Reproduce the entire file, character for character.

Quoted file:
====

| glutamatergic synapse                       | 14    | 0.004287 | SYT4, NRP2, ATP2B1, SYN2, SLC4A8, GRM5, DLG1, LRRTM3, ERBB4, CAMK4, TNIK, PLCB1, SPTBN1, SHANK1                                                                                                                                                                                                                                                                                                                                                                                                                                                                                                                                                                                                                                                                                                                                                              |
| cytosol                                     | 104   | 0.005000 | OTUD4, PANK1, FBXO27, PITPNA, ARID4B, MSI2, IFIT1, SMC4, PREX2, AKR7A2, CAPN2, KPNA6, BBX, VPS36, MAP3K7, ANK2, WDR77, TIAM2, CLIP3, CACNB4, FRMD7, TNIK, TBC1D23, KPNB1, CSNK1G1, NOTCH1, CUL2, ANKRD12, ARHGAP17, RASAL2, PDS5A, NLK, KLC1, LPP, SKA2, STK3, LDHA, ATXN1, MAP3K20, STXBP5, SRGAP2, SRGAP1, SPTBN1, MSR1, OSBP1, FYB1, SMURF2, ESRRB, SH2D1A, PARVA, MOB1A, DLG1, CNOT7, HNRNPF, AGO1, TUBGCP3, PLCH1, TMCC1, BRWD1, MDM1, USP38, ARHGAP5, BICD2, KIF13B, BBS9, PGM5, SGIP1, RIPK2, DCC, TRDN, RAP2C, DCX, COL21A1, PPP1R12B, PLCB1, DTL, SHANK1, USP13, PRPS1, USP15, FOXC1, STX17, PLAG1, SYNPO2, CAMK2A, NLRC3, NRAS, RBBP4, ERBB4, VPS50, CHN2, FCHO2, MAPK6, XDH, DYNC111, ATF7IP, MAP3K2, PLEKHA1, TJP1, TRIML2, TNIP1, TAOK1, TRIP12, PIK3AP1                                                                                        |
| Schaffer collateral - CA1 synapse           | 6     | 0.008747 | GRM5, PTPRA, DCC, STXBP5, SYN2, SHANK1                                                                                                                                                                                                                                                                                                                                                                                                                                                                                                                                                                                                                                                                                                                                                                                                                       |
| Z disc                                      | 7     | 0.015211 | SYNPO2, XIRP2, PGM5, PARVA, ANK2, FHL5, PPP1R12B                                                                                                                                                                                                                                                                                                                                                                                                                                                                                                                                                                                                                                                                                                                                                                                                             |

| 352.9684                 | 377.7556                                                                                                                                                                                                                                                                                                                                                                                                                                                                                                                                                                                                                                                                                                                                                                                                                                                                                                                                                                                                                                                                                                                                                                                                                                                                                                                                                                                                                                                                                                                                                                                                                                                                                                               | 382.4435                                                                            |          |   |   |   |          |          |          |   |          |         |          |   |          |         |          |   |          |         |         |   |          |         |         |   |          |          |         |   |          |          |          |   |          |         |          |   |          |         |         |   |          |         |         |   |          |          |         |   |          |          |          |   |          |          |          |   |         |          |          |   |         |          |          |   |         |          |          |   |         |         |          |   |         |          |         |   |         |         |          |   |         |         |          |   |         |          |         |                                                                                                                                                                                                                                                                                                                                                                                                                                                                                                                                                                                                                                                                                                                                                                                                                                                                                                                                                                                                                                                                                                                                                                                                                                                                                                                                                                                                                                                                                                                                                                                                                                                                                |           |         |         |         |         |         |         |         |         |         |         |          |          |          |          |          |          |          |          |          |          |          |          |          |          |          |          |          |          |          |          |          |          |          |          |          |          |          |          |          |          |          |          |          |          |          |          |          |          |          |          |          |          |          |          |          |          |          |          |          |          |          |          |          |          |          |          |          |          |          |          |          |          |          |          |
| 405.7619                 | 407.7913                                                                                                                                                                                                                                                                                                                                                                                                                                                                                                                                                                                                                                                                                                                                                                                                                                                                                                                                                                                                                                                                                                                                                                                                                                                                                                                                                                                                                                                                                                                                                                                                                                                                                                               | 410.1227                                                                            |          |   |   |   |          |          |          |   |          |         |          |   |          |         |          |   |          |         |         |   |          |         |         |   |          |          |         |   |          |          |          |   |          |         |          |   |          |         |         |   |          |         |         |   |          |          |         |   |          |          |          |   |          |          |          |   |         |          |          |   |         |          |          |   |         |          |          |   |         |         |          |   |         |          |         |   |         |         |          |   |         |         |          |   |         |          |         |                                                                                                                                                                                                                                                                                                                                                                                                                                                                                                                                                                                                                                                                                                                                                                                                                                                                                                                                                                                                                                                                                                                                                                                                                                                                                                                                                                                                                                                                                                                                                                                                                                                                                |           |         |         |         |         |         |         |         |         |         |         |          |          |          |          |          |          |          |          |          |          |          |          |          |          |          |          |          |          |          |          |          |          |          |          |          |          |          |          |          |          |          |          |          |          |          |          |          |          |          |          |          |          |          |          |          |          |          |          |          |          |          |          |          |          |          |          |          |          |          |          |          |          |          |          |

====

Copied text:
| glutamatergic synapse                       | 14    | 0.004287 | SYT4, NRP2, ATP2B1, SYN2, SLC4A8, GRM5, DLG1, LRRTM3, ERBB4, CAMK4, TNIK, PLCB1, SPTBN1, SHANK1                                                                                                                                                                                                                                                                                                                                                                                                                                                                                                                                                                                                                                                                                                                                                              |
| cytosol                                     | 104   | 0.005000 | OTUD4, PANK1, FBXO27, PITPNA, ARID4B, MSI2, IFIT1, SMC4, PREX2, AKR7A2, CAPN2, KPNA6, BBX, VPS36, MAP3K7, ANK2, WDR77, TIAM2, CLIP3, CACNB4, FRMD7, TNIK, TBC1D23, KPNB1, CSNK1G1, NOTCH1, CUL2, ANKRD12, ARHGAP17, RASAL2, PDS5A, NLK, KLC1, LPP, SKA2, STK3, LDHA, ATXN1, MAP3K20, STXBP5, SRGAP2, SRGAP1, SPTBN1, MSR1, OSBP1, FYB1, SMURF2, ESRRB, SH2D1A, PARVA, MOB1A, DLG1, CNOT7, HNRNPF, AGO1, TUBGCP3, PLCH1, TMCC1, BRWD1, MDM1, USP38, ARHGAP5, BICD2, KIF13B, BBS9, PGM5, SGIP1, RIPK2, DCC, TRDN, RAP2C, DCX, COL21A1, PPP1R12B, PLCB1, DTL, SHANK1, USP13, PRPS1, USP15, FOXC1, STX17, PLAG1, SYNPO2, CAMK2A, NLRC3, NRAS, RBBP4, ERBB4, VPS50, CHN2, FCHO2, MAPK6, XDH, DYNC111, ATF7IP, MAP3K2, PLEKHA1, TJP1, TRIML2, TNIP1, TAOK1, TRIP12, PIK3AP1                                                                                        |
| Schaffer collateral - CA1 synapse           | 6     | 0.008747 | GRM5, PTPRA, DCC, STXBP5, SYN2, SHANK1                                                                                                                                                                                                                                                                                                                                                                                                                                                                                                                                                                                                                                                                                                                                                                                                                       |
| Z disc                                      | 7     | 0.015211 | SYNPO2, XIRP2, PGM5, PARVA, ANK2, FHL5, PPP1R12B                                                                                                                                                                                                                                                                                                                                                                                                                                                                                                                                                                                                                                                                                                                                                                                                             |

| 352.9684                 | 377.7556                                                                                                                                                                                                                                                                                                                                                                                                                                                                                                                                                                                                                                                                                                                                                                                                                                                                                                                                                                                                                                                                                                                                                                                                                                                                                                                                                                                                                                                                                                                                                                                                                                                                                                               | 382.4435                                                                            |          |   |   |   |          |          |          |   |          |         |          |   |          |         |          |   |          |         |         |   |          |         |         |   |          |          |         |   |          |          |          |   |          |         |          |   |          |         |         |   |          |         |         |   |          |          |         |   |          |          |          |   |          |          |          |   |         |          |          |   |         |          |          |   |         |          |          |   |         |         |          |   |         |          |         |   |         |         |          |   |         |         |          |   |         |          |         |                                                                                                                                                                                                                                                                                                                                                                                                                                                                                                                                                                                                                                                                                                                                                                                                                                                                                                                                                                                                                                                                                                                                                                                                                                                                                                                                                                                                                                                                                                                                                                                                                                                                                |           |         |         |         |         |         |         |         |         |         |         |          |          |          |          |          |          |          |          |          |          |          |          |          |          |          |          |          |          |          |          |          |          |          |          |          |          |          |          |          |          |          |          |          |          |          |          |          |          |          |          |          |          |          |          |          |          |          |          |          |          |          |          |          |          |          |          |          |          |          |          |          |          |          |          |
| 405.7619                 | 407.7913                                                                                                                                                                                                                                                                                                                                                                                                                                                                                                                                                                                                                                                                                                                                                                                                                                                                                                                                                                                                                                                                                                                                                                                                                                                                                                                                                                                                                                                                                                                                                                                                                                                                                                               | 410.1227                                                                            |          |   |   |   |          |          |          |   |          |         |          |   |          |         |          |   |          |         |         |   |          |         |         |   |          |          |         |   |          |          |          |   |          |         |          |   |          |         |         |   |          |         |         |   |          |          |         |   |          |          |          |   |          |          |          |   |         |          |          |   |         |          |          |   |         |          |          |   |         |         |          |   |         |          |         |   |         |         |          |   |         |         |          |   |         |          |         |                                                                                                                                                                                                                                                                                                                                                                                                                                                                                                                                                                                                                                                                                                                                                                                                                                                                                                                                                                                                                                                                                                                                                                                                                                                                                                                                                                                                                                                                                                                                                                                                                                                                                |           |         |         |         |         |         |         |         |         |         |         |          |          |          |          |          |          |          |          |          |          |          |          |          |          |          |          |          |          |          |          |          |          |          |          |          |          |          |          |          |          |          |          |          |          |          |          |          |          |          |          |          |          |          |          |          |          |          |          |          |          |          |          |          |          |          |          |          |          |          |          |          |          |          |          |